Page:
The number of human rights activists who have been denied entry to Kyrgyzstan has spiked this year. On December 2, Tajikistan’s prominent human rights activist Nagina Bakhriyeva was denied entry to the country upon her arrival from Dushanbe to Bishkek’s Manas airport (www.24.kg, December 2). Earlier this year, two Russian activists from Memorial human rights group were similarly denied access to Kyrgyzstan. At least one western human rights activist has been banned from entering the country in the past two years.
Bakhriyeva’s case raised widespread concerns among Kyrgyzstan’s human rights activists and NGO’s. Many saw a direct link between Bakhriyeva’s ban on entering the country with her September training of Kyrgyz lawyers on how to handle religious rights abuses and report violations to international organizations. Bakhriyev’s work with Kyrgyz lawyers followed Kyrgyz authorities’ harsh suppression of residents in the southern city Nookat in October 2008 who protested against the government banning the celebration of an Islamic holiday (www.hrw.org, December 3).
“Instead of trying to jointly study and solve the problem of human rights… law enforcement structures continue making new mistakes,” according to an NGO joint statement (www.centrasia.ru, December 7). Ironically, Bakhriyeva is known in Tajikistan for her long standing constructive collaboration with the Tajik government in the realm of human rights.
Before deporting Bakhriyeva, Kyrgyz customs officials insisted that she refrained from publicizing problems at the border in return for allowing her future entry to Kyrgyzstan (www.ferghana.ru, December 3). After detaining her for two hours, Kyrgyz authorities deported the human rights activist without providing any official explanation for the deportation. Similar scenarios have also been experienced by previously deported activists. Bakhriyeva and other deported foreigners will not be able to visit Kyrgyzstan during a ten-year period.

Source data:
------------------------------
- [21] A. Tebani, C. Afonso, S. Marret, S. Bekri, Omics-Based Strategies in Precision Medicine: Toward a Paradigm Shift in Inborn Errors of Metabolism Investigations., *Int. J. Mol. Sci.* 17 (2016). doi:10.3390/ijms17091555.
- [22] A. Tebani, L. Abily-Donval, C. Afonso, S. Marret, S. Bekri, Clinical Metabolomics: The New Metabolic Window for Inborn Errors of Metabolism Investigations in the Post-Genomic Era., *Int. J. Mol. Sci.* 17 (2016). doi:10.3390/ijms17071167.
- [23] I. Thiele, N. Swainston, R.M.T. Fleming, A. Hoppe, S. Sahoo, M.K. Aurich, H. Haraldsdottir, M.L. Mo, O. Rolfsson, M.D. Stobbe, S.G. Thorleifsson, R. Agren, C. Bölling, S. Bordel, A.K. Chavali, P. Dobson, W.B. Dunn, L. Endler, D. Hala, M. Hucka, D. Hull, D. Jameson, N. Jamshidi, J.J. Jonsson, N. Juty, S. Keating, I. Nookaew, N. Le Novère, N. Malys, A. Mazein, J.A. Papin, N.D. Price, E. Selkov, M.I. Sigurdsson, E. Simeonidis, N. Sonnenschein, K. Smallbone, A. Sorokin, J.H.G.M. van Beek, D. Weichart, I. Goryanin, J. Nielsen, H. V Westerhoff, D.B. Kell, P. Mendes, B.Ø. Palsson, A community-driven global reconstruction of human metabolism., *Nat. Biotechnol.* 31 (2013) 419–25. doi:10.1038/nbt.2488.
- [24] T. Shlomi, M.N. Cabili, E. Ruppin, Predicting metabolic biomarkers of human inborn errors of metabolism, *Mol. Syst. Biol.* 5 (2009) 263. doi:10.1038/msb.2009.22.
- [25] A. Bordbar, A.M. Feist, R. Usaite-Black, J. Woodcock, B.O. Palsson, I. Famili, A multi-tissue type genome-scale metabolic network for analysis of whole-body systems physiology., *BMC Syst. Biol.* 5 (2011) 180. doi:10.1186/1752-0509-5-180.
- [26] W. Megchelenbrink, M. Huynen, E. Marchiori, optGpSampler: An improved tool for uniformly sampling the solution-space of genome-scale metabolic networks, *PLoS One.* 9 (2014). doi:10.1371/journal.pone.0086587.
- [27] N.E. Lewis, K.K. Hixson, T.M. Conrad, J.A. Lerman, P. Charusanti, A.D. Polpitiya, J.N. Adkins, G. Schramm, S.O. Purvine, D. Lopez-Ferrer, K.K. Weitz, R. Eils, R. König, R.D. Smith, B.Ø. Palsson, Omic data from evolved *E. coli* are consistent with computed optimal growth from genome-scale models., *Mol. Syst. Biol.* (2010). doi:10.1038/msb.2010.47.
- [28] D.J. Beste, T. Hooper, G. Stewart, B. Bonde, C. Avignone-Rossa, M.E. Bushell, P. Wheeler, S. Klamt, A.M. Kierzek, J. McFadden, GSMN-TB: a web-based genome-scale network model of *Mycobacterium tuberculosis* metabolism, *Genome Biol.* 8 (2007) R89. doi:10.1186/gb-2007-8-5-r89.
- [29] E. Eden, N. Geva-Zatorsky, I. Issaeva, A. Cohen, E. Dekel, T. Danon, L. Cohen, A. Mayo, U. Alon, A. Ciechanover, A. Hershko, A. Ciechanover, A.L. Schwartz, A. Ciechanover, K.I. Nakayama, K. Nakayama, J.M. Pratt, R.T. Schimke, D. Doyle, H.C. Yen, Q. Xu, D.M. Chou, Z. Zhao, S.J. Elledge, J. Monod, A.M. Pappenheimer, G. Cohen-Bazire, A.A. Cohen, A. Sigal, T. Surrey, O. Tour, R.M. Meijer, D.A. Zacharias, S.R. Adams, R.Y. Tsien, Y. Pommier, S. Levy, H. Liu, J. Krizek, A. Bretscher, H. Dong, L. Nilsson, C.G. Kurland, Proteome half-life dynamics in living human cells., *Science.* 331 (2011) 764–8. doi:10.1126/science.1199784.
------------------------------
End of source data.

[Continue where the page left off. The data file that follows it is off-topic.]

“It is likely that decisions on who is to be denied entry into the country are made on a ministerial level”, one Kyrgyz politician told Jamestown (December 5). Since the presidential elections last July the decision-making process has been split between two major government figures. President Kurmanbek Bakiyev’s son Maksim reportedly oversees the economic sector and cadre politics as he heads the newly-formed Central Agency on Development, Investment, and Innovation. While the president’s brother Zhanysh Bakiyev serves as the head of the National Security Service and has strong leverage over security structures as well as being able to make decisions on how Kyrgyz customs are managed.
“Both camps can function independently of one another,” the politician explained. The decision on refusing entry to certain individuals is taken by security structures without the participation of other government institutions. Neither Maksim nor Zhanysh Bakiyev seems to prioritize the country’s democratic development; instead they focus on defending and expanding their spheres of interest as part of an ongoing process. Experts expect more significant cadre changes in the government and foreign service in the coming months, reportedly masterminded by Maksim. Rumors in Bishkek also indicate that Zhanysh might form his own political party to foster his power.
Meanwhile, a number of NGO leaders, journalists and politicians who fled Kyrgyzstan under the Bakiyev regime are unable to return to the country. Although Kyrgyz Ombudsman Tursunbek Akun has promised to investigate Bakhriyev’s case, he has not been successful in any previous investigation into the cases of banned human rights activists.
Today Kyrgyzstan is left without virtually any active political opposition. Several prominent opposition leaders have been effectively silenced, either through arrests or public shaming. As one member of the Kyrgyz parliament (MP) says, it is only possible to show opposition to the regime if you are part of the ruling Ak Zhol party. Having access to the party leaders and Maksim, Ak Zhol members can discuss their ideas and viewpoints. Ak Zhol members are also able to extend the party’s outreach using personal authority. “But those outside of Ak Zhol are destined to run behind the train,” the MP observed.
The incident with Bakhriyeva marks a worsening of Kyrgyzstan’s democratic record. Aside from tighter regulations on entry, this year has witnessed several contract killings of politicians, beatings and intimidation of journalists and NGO activists. NGO’s dealing with religious issues are closely monitored by the government. According to Human Rights Watch, the Kyrgyz government is pressuring individuals engaged specifically in investigating abuses of religious rights in southern Kyrgyzstan.